Wednesday, September 22, 2010

Remembering Claude Chabrol: La Cérémonie

I’ve been thinking of Claude Chabrol ever since news of his death, at age 80, was announced about a week ago. And it occurred to me that like fellow New Wave filmmaker Eric Rohmer, who also died this year (but from the opposite end of the emotional spectrum), Chabrol successfully carved out his own specific niche in a corner of world cinema. Whereas Rohmer, like Mike Leigh, offered up generous portraits of (mostly) middle class people he liked very much, Chabrol used his cinematic canvas to excoriate those he didn’t like at all, namely the bourgeoisie from which he sprung. His films were almost always about the evils and wickedness emanating from the monied classes but he didn’t assail them in a simplistic manner nor did he pretend that the lower classes were paragons of virtue, either. Usually, the downtrodden ‘victims’ of the rich were able to match them when it came to guile and venality, perhaps never more so than in one of his best films, La Cérémonie (1995).

It’s apropos that La Cérémonie is based on A Judgement in Stone, a 1977 novel by English writer Ruth Rendell. Her chilling novels of English obsession and jealousy were tailor-made for the likes of Chabrol, who, of course, was tilling the same soil with his probing dissections of the French bourgeoisie. He almost perfectly executes this adaptation, which he co - wrote with Caroline Eliacheff, and which was previously made into a forgettable 1992 Canadian movie The Housekeeper, with Rita Tushingham. (Rendell’s 1986 book Live Flesh was turned into an equally memorable film by Spanish filmmaker Pedro Almodóvar in 1997.) Rendell, who is only four months older than Chabrol, is on record as pronouncing Chabrol’s film to be one of the few adaptations of her work that has pleased her.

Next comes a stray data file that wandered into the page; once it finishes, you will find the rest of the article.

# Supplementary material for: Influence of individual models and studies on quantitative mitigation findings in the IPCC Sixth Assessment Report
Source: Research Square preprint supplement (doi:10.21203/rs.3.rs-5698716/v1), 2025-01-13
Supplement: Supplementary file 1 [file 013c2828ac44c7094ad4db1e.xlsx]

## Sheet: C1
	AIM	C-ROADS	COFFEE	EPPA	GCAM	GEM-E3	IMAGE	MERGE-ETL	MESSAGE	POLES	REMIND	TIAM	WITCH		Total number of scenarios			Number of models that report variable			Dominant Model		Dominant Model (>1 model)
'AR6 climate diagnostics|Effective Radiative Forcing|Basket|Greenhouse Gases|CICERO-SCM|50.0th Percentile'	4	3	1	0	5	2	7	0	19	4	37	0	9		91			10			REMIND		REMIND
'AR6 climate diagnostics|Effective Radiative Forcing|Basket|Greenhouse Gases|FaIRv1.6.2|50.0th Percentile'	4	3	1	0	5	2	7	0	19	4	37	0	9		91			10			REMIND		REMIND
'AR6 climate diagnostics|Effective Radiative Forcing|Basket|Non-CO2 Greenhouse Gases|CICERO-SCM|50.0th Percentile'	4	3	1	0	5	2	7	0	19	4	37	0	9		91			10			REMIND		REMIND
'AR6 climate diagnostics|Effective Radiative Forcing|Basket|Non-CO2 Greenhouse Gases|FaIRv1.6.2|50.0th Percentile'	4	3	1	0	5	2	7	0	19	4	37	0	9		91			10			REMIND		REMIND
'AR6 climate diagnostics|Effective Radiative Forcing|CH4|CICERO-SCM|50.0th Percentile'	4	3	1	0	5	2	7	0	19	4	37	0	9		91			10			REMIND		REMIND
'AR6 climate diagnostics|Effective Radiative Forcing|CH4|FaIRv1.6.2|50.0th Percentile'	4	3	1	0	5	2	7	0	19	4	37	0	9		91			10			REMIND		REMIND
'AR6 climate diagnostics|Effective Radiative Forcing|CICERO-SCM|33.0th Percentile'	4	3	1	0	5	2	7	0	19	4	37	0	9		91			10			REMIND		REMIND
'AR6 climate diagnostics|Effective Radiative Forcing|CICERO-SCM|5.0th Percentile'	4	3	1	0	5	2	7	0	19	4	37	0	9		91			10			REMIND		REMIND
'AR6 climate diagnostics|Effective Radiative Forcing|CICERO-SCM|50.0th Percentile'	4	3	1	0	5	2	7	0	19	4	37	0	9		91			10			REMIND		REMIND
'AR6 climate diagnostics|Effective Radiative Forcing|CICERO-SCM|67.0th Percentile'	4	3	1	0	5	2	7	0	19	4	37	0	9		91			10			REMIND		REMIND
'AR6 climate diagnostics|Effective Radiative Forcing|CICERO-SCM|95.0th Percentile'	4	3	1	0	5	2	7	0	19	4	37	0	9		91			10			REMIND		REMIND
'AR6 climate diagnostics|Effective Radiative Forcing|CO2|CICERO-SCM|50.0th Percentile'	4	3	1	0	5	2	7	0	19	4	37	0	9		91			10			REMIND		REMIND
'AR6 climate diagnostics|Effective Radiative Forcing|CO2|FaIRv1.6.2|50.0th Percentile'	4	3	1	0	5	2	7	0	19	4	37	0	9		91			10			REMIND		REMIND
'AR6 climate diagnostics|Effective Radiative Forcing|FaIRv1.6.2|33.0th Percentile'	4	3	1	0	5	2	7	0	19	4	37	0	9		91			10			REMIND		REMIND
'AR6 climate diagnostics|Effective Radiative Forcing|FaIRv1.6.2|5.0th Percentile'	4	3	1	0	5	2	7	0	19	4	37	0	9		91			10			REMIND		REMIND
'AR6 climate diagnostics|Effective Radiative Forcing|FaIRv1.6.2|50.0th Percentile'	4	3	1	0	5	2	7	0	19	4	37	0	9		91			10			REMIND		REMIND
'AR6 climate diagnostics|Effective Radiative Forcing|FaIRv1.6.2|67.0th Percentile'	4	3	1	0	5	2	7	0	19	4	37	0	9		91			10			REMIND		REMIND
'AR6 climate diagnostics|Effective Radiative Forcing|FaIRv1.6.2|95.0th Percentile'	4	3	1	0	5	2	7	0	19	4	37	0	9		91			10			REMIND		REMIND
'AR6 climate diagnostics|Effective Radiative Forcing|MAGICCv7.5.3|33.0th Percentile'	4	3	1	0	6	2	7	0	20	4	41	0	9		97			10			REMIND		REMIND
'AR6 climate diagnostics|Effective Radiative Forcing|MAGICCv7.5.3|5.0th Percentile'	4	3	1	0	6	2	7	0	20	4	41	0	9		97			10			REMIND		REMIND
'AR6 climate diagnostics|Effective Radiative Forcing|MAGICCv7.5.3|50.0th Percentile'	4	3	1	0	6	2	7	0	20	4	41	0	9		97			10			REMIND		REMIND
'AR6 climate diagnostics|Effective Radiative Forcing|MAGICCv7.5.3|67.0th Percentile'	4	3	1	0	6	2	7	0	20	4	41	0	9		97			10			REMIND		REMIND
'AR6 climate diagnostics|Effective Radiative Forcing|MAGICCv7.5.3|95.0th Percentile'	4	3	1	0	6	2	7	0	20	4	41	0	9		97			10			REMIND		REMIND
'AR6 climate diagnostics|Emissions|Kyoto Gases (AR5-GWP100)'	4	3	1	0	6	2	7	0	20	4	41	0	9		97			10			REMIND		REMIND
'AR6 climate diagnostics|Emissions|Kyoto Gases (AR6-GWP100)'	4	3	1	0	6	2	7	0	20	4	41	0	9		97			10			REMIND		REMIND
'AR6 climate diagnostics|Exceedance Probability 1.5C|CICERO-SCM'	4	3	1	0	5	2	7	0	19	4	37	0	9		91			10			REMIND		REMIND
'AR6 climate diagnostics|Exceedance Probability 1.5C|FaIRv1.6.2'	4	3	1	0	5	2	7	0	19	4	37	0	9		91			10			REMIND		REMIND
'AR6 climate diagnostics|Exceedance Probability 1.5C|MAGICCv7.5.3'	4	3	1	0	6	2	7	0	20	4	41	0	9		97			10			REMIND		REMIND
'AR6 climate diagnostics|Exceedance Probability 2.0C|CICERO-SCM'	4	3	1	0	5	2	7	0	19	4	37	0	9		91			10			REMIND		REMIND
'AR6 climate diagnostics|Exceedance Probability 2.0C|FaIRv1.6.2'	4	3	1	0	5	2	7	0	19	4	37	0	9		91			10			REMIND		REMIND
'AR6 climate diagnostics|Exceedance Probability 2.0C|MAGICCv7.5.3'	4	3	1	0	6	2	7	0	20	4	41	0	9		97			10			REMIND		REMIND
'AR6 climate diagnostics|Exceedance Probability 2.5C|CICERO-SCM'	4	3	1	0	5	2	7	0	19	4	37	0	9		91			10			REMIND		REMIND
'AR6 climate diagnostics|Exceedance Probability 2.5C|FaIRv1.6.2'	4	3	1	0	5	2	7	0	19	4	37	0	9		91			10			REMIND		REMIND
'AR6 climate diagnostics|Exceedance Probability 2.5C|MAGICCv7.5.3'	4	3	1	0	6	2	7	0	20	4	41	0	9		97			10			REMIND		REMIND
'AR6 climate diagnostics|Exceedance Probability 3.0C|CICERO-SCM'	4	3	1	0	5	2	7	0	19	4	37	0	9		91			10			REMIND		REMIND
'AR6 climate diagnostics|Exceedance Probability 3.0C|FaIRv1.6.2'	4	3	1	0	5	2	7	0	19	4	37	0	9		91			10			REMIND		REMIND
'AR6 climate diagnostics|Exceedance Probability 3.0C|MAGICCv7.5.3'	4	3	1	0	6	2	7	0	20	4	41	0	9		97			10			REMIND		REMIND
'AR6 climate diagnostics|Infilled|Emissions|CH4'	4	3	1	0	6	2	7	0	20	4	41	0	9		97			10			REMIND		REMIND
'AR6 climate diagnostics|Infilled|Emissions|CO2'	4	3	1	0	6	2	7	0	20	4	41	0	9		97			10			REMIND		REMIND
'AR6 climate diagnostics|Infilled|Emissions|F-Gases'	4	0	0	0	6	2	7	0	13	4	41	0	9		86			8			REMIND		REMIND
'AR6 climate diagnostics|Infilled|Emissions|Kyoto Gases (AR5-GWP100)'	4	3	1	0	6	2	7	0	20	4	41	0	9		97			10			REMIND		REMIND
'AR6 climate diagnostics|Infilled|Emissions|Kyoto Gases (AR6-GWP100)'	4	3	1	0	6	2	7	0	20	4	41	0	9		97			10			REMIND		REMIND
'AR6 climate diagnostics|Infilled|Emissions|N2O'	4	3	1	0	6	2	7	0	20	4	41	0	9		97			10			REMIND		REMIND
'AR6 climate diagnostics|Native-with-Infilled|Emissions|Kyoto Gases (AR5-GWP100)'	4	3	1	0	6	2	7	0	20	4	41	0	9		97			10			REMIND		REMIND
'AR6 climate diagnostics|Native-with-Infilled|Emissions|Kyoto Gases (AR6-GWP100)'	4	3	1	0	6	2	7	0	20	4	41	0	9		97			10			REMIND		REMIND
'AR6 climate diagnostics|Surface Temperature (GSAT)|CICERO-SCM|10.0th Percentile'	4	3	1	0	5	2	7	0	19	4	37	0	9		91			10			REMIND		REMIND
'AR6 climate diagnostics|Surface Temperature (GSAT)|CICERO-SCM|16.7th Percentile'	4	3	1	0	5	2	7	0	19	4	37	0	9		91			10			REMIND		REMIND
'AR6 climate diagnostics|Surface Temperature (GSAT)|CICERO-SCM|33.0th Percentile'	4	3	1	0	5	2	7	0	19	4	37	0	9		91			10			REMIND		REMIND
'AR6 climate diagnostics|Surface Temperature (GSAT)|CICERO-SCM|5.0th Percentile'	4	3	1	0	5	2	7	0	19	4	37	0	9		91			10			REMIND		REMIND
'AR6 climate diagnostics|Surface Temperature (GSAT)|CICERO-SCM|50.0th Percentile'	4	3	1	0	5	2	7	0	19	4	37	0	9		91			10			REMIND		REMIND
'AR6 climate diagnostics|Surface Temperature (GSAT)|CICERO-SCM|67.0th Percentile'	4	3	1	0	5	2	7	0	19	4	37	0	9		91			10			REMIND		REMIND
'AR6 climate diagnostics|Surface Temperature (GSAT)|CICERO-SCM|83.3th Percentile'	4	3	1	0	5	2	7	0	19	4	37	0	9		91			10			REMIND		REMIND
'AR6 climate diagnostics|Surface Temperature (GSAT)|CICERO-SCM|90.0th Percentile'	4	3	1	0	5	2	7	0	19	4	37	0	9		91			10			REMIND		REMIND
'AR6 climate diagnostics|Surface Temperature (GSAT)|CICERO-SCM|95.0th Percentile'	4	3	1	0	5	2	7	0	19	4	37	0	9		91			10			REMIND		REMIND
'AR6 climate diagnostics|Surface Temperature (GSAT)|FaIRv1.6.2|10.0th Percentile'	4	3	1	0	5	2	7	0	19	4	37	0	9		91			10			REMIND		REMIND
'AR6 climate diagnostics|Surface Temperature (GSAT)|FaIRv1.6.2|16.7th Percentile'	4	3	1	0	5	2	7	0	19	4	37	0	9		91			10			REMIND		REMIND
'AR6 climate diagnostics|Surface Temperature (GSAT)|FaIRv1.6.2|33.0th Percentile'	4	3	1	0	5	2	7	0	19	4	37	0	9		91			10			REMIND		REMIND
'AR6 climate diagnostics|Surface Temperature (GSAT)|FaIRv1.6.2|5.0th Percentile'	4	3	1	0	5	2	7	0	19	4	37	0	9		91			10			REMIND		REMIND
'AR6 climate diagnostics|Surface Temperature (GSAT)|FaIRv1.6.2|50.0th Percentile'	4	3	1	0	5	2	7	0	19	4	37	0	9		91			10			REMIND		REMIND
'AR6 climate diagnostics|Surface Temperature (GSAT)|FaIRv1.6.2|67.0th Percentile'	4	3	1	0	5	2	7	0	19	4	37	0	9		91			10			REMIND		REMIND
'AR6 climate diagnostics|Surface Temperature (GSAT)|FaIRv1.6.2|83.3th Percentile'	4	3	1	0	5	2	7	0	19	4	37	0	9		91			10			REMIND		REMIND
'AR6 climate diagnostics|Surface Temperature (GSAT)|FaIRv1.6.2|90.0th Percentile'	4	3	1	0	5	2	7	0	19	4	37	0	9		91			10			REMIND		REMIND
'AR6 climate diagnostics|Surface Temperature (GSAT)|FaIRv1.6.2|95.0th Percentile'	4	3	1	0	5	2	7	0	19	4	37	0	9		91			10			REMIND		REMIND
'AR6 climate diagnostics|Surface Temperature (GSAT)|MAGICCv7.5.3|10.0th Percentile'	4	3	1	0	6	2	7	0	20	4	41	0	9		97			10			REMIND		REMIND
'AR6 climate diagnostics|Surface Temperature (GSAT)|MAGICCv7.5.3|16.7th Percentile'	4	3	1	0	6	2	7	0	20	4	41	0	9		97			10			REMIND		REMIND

Sandrine Bonnaire (Monsieur Hire, A Nos Amours) portrays a passive, sullen and illiterate maid who takes up residence in a small village as the employee of a rich French family. She seems to be fitting in and her employers appear friendly and considerate - yet something is not quite right. When the housekeeper is befriended by a caustic postmistress (Chabrol mainstay Isabelle Huppert, Une affaire de femmes, Merci pour le chocolat) who bears a mysterious grudge against the woman's bosses, the stage is set for a tense confrontation between the maid and the representatives of the upper classes for whom she toils.

The beauty of Chabrol is that his films have an inevitability, but while you are watching them the ending is never obvious. La Cérémonie, like his excellent 1994 drama about jealousy and fidelity, L’enfer, keeps audiences guessing about its characters' intentions and secrets. (Stay for the final credits for one surprising revelation.) Their surfaces appear calm, but passions and violence roil beneath. Without Bonnaire, however, it's doubtful that La Ceremonie would have had the impact that it did. Bonnaire keeps her character interesting and constantly forces the audience to alter their responses to her. Her remarkably understated performance deservedly copped her the Coppa Volpi, shared with an equally superb Huppert for best actress at the Venice Film Festival. (Huppert also won the Best Actress César Award at home.) Together, the two actresses form a combination that gives La Cérémonie a disturbing undercurrent of danger. Its visceral, lingering punch was proof, as in so many of his movies, such as Les Cousins, La Femme infidèle and Betty that Chabrol was one of the world's master filmmakers. He will be missed.

-- Shlomo Schwartzberg is a film critic, teacher and arts journalist based in Toronto. He'll be teaching a course on significant contemporary film directors this fall at Ryerson University's LIFE Institute.

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